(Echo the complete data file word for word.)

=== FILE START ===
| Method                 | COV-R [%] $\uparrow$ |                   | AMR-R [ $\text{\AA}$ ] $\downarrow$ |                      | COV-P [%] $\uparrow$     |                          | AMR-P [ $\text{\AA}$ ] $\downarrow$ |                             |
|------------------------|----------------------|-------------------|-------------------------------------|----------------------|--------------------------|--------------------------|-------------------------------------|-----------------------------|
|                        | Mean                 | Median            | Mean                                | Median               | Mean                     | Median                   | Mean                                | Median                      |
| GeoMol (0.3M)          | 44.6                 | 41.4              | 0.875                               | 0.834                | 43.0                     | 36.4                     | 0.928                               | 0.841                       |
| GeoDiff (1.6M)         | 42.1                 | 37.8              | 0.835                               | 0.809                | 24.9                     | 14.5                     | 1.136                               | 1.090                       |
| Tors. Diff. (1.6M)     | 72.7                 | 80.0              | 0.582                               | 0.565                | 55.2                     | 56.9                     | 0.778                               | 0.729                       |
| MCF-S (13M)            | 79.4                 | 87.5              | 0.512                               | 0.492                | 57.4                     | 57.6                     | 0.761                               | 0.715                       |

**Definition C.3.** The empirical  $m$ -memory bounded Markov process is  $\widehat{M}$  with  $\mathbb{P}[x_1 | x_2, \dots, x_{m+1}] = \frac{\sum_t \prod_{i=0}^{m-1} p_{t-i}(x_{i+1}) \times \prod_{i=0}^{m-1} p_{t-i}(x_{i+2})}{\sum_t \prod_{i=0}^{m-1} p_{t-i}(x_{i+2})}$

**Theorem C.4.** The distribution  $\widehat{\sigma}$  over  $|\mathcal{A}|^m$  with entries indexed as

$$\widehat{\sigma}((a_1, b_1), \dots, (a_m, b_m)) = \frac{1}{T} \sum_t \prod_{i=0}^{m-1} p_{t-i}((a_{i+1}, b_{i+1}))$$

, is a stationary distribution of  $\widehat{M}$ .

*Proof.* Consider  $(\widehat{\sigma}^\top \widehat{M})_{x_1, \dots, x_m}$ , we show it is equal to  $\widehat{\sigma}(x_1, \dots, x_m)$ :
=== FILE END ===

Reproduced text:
| Method                 | COV-R [%] $\uparrow$ |                   | AMR-R [ $\text{\AA}$ ] $\downarrow$ |                      | COV-P [%] $\uparrow$     |                          | AMR-P [ $\text{\AA}$ ] $\downarrow$ |                             |
|------------------------|----------------------|-------------------|-------------------------------------|----------------------|--------------------------|--------------------------|-------------------------------------|-----------------------------|
|                        | Mean                 | Median            | Mean                                | Median               | Mean                     | Median                   | Mean                                | Median                      |
| GeoMol (0.3M)          | 44.6                 | 41.4              | 0.875                               | 0.834                | 43.0                     | 36.4                     | 0.928                               | 0.841                       |
| GeoDiff (1.6M)         | 42.1                 | 37.8              | 0.835                               | 0.809                | 24.9                     | 14.5                     | 1.136                               | 1.090                       |
| Tors. Diff. (1.6M)     | 72.7                 | 80.0              | 0.582                               | 0.565                | 55.2                     | 56.9                     | 0.778                               | 0.729                       |
| MCF-S (13M)            | 79.4                 | 87.5              | 0.512                               | 0.492                | 57.4                     | 57.6                     | 0.761                               | 0.715                       |

**Definition C.3.** The empirical  $m$ -memory bounded Markov process is  $\widehat{M}$  with  $\mathbb{P}[x_1 | x_2, \dots, x_{m+1}] = \frac{\sum_t \prod_{i=0}^{m-1} p_{t-i}(x_{i+1}) \times \prod_{i=0}^{m-1} p_{t-i}(x_{i+2})}{\sum_t \prod_{i=0}^{m-1} p_{t-i}(x_{i+2})}$

**Theorem C.4.** The distribution  $\widehat{\sigma}$  over  $|\mathcal{A}|^m$  with entries indexed as

$$\widehat{\sigma}((a_1, b_1), \dots, (a_m, b_m)) = \frac{1}{T} \sum_t \prod_{i=0}^{m-1} p_{t-i}((a_{i+1}, b_{i+1}))$$

, is a stationary distribution of  $\widehat{M}$ .

*Proof.* Consider  $(\widehat{\sigma}^\top \widehat{M})_{x_1, \dots, x_m}$ , we show it is equal to  $\widehat{\sigma}(x_1, \dots, x_m)$ :